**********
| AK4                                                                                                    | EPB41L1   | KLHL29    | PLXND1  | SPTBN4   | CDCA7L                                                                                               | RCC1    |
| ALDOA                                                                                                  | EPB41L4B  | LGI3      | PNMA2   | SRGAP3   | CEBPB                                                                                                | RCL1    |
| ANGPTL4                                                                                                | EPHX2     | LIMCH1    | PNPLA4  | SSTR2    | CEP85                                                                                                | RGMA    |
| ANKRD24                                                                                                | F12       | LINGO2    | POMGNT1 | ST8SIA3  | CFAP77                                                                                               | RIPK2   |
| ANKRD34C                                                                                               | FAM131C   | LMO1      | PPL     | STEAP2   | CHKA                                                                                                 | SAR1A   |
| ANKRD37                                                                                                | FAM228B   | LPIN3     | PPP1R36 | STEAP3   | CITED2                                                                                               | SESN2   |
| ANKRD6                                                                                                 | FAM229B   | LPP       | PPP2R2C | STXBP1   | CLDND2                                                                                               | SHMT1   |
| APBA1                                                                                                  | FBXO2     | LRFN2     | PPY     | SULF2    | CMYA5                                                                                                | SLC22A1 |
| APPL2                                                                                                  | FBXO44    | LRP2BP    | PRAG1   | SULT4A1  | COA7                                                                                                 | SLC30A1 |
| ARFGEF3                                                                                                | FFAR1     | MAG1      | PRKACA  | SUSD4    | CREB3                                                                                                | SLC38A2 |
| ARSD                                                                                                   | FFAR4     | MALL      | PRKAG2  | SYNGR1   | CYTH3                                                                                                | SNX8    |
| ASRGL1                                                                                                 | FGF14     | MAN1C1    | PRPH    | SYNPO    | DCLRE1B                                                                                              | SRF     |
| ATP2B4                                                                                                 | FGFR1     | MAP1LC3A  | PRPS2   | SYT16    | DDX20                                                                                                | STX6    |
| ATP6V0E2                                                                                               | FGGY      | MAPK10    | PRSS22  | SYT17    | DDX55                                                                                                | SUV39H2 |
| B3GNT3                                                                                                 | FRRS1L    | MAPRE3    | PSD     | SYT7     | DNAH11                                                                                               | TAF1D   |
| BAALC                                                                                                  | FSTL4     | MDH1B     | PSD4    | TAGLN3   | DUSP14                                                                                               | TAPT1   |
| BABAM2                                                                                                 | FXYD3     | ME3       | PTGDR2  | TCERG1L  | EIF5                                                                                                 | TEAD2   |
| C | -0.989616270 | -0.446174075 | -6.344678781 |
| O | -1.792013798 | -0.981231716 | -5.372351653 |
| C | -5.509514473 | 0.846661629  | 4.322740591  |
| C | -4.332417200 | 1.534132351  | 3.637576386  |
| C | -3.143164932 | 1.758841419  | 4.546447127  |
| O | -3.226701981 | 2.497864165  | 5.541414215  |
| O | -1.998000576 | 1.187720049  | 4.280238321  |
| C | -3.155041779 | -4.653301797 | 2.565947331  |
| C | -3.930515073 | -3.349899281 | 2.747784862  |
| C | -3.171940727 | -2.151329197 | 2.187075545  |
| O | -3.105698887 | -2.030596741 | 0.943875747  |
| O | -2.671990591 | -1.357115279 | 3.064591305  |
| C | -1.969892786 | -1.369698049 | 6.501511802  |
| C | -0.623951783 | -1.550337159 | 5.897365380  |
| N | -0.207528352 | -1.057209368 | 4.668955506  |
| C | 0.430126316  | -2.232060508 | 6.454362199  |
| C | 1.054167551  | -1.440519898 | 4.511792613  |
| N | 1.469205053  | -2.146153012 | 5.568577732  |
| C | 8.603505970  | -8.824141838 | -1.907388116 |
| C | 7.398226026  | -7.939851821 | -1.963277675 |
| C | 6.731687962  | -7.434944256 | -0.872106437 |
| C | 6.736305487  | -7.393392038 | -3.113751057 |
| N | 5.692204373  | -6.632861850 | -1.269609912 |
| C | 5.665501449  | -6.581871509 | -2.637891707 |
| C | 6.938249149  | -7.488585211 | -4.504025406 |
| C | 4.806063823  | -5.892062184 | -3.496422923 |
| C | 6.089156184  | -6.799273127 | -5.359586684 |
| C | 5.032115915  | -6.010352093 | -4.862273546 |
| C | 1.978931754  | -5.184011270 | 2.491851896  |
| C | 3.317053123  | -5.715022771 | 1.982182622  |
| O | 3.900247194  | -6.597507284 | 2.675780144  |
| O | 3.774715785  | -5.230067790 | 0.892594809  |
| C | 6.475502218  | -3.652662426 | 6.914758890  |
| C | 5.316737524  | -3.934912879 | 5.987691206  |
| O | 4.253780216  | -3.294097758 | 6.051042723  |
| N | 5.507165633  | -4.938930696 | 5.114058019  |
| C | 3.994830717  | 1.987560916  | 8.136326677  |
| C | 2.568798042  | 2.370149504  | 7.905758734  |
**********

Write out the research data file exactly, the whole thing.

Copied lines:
| AK4                                                                                                    | EPB41L1   | KLHL29    | PLXND1  | SPTBN4   | CDCA7L                                                                                               | RCC1    |
| ALDOA                                                                                                  | EPB41L4B  | LGI3      | PNMA2   | SRGAP3   | CEBPB                                                                                                | RCL1    |
| ANGPTL4                                                                                                | EPHX2     | LIMCH1    | PNPLA4  | SSTR2    | CEP85                                                                                                | RGMA    |
| ANKRD24                                                                                                | F12       | LINGO2    | POMGNT1 | ST8SIA3  | CFAP77                                                                                               | RIPK2   |
| ANKRD34C                                                                                               | FAM131C   | LMO1      | PPL     | STEAP2   | CHKA                                                                                                 | SAR1A   |
| ANKRD37                                                                                                | FAM228B   | LPIN3     | PPP1R36 | STEAP3   | CITED2                                                                                               | SESN2   |
| ANKRD6                                                                                                 | FAM229B   | LPP       | PPP2R2C | STXBP1   | CLDND2                                                                                               | SHMT1   |
| APBA1                                                                                                  | FBXO2     | LRFN2     | PPY     | SULF2    | CMYA5                                                                                                | SLC22A1 |
| APPL2                                                                                                  | FBXO44    | LRP2BP    | PRAG1   | SULT4A1  | COA7                                                                                                 | SLC30A1 |
| ARFGEF3                                                                                                | FFAR1     | MAG1      | PRKACA  | SUSD4    | CREB3                                                                                                | SLC38A2 |
| ARSD                                                                                                   | FFAR4     | MALL      | PRKAG2  | SYNGR1   | CYTH3                                                                                                | SNX8    |
| ASRGL1                                                                                                 | FGF14     | MAN1C1    | PRPH    | SYNPO    | DCLRE1B                                                                                              | SRF     |
| ATP2B4                                                                                                 | FGFR1     | MAP1LC3A  | PRPS2   | SYT16    | DDX20                                                                                                | STX6    |
| ATP6V0E2                                                                                               | FGGY      | MAPK10    | PRSS22  | SYT17    | DDX55                                                                                                | SUV39H2 |
| B3GNT3                                                                                                 | FRRS1L    | MAPRE3    | PSD     | SYT7     | DNAH11                                                                                               | TAF1D   |
| BAALC                                                                                                  | FSTL4     | MDH1B     | PSD4    | TAGLN3   | DUSP14                                                                                               | TAPT1   |
| BABAM2                                                                                                 | FXYD3     | ME3       | PTGDR2  | TCERG1L  | EIF5                                                                                                 | TEAD2   |
| C | -0.989616270 | -0.446174075 | -6.344678781 |
| O | -1.792013798 | -0.981231716 | -5.372351653 |
| C | -5.509514473 | 0.846661629  | 4.322740591  |
| C | -4.332417200 | 1.534132351  | 3.637576386  |
| C | -3.143164932 | 1.758841419  | 4.546447127  |
| O | -3.226701981 | 2.497864165  | 5.541414215  |
| O | -1.998000576 | 1.187720049  | 4.280238321  |
| C | -3.155041779 | -4.653301797 | 2.565947331  |
| C | -3.930515073 | -3.349899281 | 2.747784862  |
| C | -3.171940727 | -2.151329197 | 2.187075545  |
| O | -3.105698887 | -2.030596741 | 0.943875747  |
| O | -2.671990591 | -1.357115279 | 3.064591305  |
| C | -1.969892786 | -1.369698049 | 6.501511802  |
| C | -0.623951783 | -1.550337159 | 5.897365380  |
| N | -0.207528352 | -1.057209368 | 4.668955506  |
| C | 0.430126316  | -2.232060508 | 6.454362199  |
| C | 1.054167551  | -1.440519898 | 4.511792613  |
| N | 1.469205053  | -2.146153012 | 5.568577732  |
| C | 8.603505970  | -8.824141838 | -1.907388116 |
| C | 7.398226026  | -7.939851821 | -1.963277675 |
| C | 6.731687962  | -7.434944256 | -0.872106437 |
| C | 6.736305487  | -7.393392038 | -3.113751057 |
| N | 5.692204373  | -6.632861850 | -1.269609912 |
| C | 5.665501449  | -6.581871509 | -2.637891707 |
| C | 6.938249149  | -7.488585211 | -4.504025406 |
| C | 4.806063823  | -5.892062184 | -3.496422923 |
| C | 6.089156184  | -6.799273127 | -5.359586684 |
| C | 5.032115915  | -6.010352093 | -4.862273546 |
| C | 1.978931754  | -5.184011270 | 2.491851896  |
| C | 3.317053123  | -5.715022771 | 1.982182622  |
| O | 3.900247194  | -6.597507284 | 2.675780144  |
| O | 3.774715785  | -5.230067790 | 0.892594809  |
| C | 6.475502218  | -3.652662426 | 6.914758890  |
| C | 5.316737524  | -3.934912879 | 5.987691206  |
| O | 4.253780216  | -3.294097758 | 6.051042723  |
| N | 5.507165633  | -4.938930696 | 5.114058019  |
| C | 3.994830717  | 1.987560916  | 8.136326677  |
| C | 2.568798042  | 2.370149504  | 7.905758734  |